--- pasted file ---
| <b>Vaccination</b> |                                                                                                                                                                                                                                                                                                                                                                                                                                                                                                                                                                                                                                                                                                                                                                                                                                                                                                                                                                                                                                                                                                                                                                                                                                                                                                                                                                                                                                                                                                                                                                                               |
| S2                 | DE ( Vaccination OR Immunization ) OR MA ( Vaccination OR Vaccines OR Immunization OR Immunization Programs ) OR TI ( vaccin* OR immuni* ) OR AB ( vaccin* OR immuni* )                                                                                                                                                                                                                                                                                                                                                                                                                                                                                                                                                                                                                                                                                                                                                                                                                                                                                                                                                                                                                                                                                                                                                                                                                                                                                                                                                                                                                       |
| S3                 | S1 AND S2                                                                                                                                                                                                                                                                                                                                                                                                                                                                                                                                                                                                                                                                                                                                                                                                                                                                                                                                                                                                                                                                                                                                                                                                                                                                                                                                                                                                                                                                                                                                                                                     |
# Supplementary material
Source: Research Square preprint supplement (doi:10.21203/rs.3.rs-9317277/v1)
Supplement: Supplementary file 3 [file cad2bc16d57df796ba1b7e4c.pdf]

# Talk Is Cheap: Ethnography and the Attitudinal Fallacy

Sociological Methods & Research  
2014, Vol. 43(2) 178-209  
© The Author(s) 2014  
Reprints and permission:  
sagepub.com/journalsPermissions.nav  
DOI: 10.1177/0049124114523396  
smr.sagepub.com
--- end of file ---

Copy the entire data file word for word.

| <b>Vaccination</b> |                                                                                                                                                                                                                                                                                                                                                                                                                                                                                                                                                                                                                                                                                                                                                                                                                                                                                                                                                                                                                                                                                                                                                                                                                                                                                                                                                                                                                                                                                                                                                                                               |
| S2                 | DE ( Vaccination OR Immunization ) OR MA ( Vaccination OR Vaccines OR Immunization OR Immunization Programs ) OR TI ( vaccin* OR immuni* ) OR AB ( vaccin* OR immuni* )                                                                                                                                                                                                                                                                                                                                                                                                                                                                                                                                                                                                                                                                                                                                                                                                                                                                                                                                                                                                                                                                                                                                                                                                                                                                                                                                                                                                                       |
| S3                 | S1 AND S2                                                                                                                                                                                                                                                                                                                                                                                                                                                                                                                                                                                                                                                                                                                                                                                                                                                                                                                                                                                                                                                                                                                                                                                                                                                                                                                                                                                                                                                                                                                                                                                     |
# Supplementary material
Source: Research Square preprint supplement (doi:10.21203/rs.3.rs-9317277/v1)
Supplement: Supplementary file 3 [file cad2bc16d57df796ba1b7e4c.pdf]

# Talk Is Cheap: Ethnography and the Attitudinal Fallacy

Sociological Methods & Research  
2014, Vol. 43(2) 178-209  
© The Author(s) 2014  
Reprints and permission:  
sagepub.com/journalsPermissions.nav  
DOI: 10.1177/0049124114523396  
smr.sagepub.com